Sharing Environmental Health Services Across Jurisdictional Boundaries. [PDF - 536 KB] – CDC authors Liza Corso and Robert Blake and guest authors Gianfranco Pezzino and Patrick Libbey discuss the benefits from cross-jurisdictional sharing of essential public health services and offer examples of successful collaboration from around the nation. This article was published in the April 2015 issue of the Journal of Environmental Health.
Best Food Cooling Practices for Restaurants – EHS-Net study examines the food cooling practices of 420 randomly selected restaurants to assess current practices and to provide recommendations for cooling foods more effectively to prevent foodborne illness outbreaks.
2015 Healthy and Safe Swimming Week: “Make a Healthy Splash: Share the Fun, Not the Germs”
Start planning now for Healthy and Safe Swimming Week (May 18–24, 2015): Educate your community about a few easy and effective steps to maximize the health benefits we all get from swimming.
- Download a FREE health promotion tool kit.
- Tell us about the activities in your area related to Healthy and Safe Swimming Week.
- Get more information about Healthy and Safe Swimming Week.
March 8-14 is National Groundwater Awareness Week – Explore groundwater resources for environmental health practitioners.
Searching for E. coli – In 2006, a restaurant chain received spinach contaminated with E. coli, which made many people ill. Read the NCEH blog entry about how our scientists found out what caused a multistate outbreak of E. coli on spinach in 2006.
Acute Gastrointestinal Illness Following a Prolonged Community-Wide Water Emergency – New publication examines the association between water service disruptions and acute gastrointestinal illness.
EnvPHPS Logic Model for Drinking Water Programs – New tool with recommended strategies for public health department drinking water programs and activities to improve programmatic performance using the 10 Essential Environmental Public Health Services.
National Association of County and City Health Officials (NACCHO) Calls for an Increased Focus on Improved Recreational Water Safety [PDF - 325 KB] – NACCHO has released Statement of Policy 15-01 emphasizing the importance of pool inspection and other recreational water safety activities at local health departments. The statement mentions the Model Aquatic Health Code as a tool health departments can use to decrease waterborne injury and illness and promote healthy swimming.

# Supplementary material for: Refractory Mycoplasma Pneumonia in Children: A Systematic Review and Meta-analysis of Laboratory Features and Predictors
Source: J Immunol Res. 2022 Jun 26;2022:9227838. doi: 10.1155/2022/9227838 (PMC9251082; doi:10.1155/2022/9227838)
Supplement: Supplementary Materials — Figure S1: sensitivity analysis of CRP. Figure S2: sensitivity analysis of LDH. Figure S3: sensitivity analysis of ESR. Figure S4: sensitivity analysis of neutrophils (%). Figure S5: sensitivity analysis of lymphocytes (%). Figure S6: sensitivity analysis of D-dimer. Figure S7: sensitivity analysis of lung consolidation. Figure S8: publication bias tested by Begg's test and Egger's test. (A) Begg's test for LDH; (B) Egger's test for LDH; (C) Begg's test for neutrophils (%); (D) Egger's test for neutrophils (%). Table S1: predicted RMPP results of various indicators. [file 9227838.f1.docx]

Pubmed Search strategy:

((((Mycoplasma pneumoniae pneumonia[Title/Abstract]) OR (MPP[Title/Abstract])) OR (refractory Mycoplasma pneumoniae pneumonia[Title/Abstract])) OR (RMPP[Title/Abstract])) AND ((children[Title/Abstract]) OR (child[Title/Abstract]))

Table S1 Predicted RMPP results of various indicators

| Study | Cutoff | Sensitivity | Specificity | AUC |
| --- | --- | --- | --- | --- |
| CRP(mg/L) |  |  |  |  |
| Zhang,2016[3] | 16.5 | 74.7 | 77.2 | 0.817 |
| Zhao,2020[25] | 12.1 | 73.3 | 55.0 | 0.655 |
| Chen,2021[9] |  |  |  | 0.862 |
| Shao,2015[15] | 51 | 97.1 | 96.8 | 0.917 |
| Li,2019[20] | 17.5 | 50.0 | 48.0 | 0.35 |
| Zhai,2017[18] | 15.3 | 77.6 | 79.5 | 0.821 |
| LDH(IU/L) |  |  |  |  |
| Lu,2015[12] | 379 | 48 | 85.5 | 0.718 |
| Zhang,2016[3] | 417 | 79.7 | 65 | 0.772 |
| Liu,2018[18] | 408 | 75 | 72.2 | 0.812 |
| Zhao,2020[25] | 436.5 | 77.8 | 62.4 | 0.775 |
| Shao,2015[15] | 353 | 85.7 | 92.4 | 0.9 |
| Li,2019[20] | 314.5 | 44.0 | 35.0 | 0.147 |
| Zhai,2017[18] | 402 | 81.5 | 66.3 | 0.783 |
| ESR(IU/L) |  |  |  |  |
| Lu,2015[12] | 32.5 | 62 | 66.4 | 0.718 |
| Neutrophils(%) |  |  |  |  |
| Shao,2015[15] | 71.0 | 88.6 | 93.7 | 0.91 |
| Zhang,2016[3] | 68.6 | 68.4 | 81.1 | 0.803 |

Modeling Health Impacts of the Transportation Built Environment: Challenges and Opportunities. [PDF - 360 KB] – Guest authors Geoffrey Whitfield and Arthur Wendel discuss the benefits and challenges associated with using models to predict community behaviors while planning the built environment, particularly regarding walking, biking, and using public transit.
Promo Video for Food Safety e-Learning – Check out our short video promoting CDC’s fun, free, and interactive e-Learning on Environmental Assessment of Foodborne Illness Outbreaks. The skills needed to participate in an outbreak investigation are different from those needed to inspect restaurants, and the role of environmental health staff is critical. View the video to learn why you should register for this training today.
Controlling Rocky Mountain Spotted Fever (RMSF) – Study reports results of a successful campaign to eradicate the brown dog tick and reduce RMSF in an Arizona community with high RMSF-related fatalities.
E. coli Outbreak Investigation – Article reports findings of an in-depth systems analysis of irrigation water quality after a strain of E. coli caused an outbreak in Iowa and Minnesota in 2006. Contaminated shredded lettuce was found to be the source of the outbreak.
Summer Internship with Environmental Health Services – Applications are now being accepted for a 10-week summer environmental internship for students majoring in Environmental Health. Interns gain environmental health experience and an understanding of environmental health work at the local, state, tribal, and federal levels. Application deadline: February 11, 2015.
Managerial Practices Regarding Workers Working while Ill – EHS-Net publication describes restaurant policies for sick workers, what happens when managers work when sick, and what happens when workers work when sick.
The Road Towards Environmental Justice From a Multifaceted Lens [PDF - 264 KB] – Guest columnist LaToria Whitehead discusses concerns and challenges shared in environmental health and describes ways to strengthen the role of state, local, tribal, and national environmental health professionals to respond to adverse environmental exposures.
Request Changes for the Model Aquatic Health Code (MAHC) – The Conference for the Model Aquatic Health Code is accepting change requests for the 2nd edition of the MAHC until February 19, 2015. Find out how to submit changes.
Improving Environmental Public Health Services Performance to Meet Community Needs [PDF - 1.35 MB] – New guidance document describes performance improvement resources and tools and explains how those tools are used to produce results that can be integrated into broader public health department performance improvement initiatives.
Restaurant Manager and Worker Food Safety Certification and Knowledge – Article examines the relationships among kitchen manager and worker food safety certification, food safety knowledge, restaurant and manager characteristics, and foodborne illness risk factors observed in restaurants.
Earlier news items are available on the News and Features Archive page.
- Page last reviewed: January 6, 2015
- Page last updated: November 27, 2015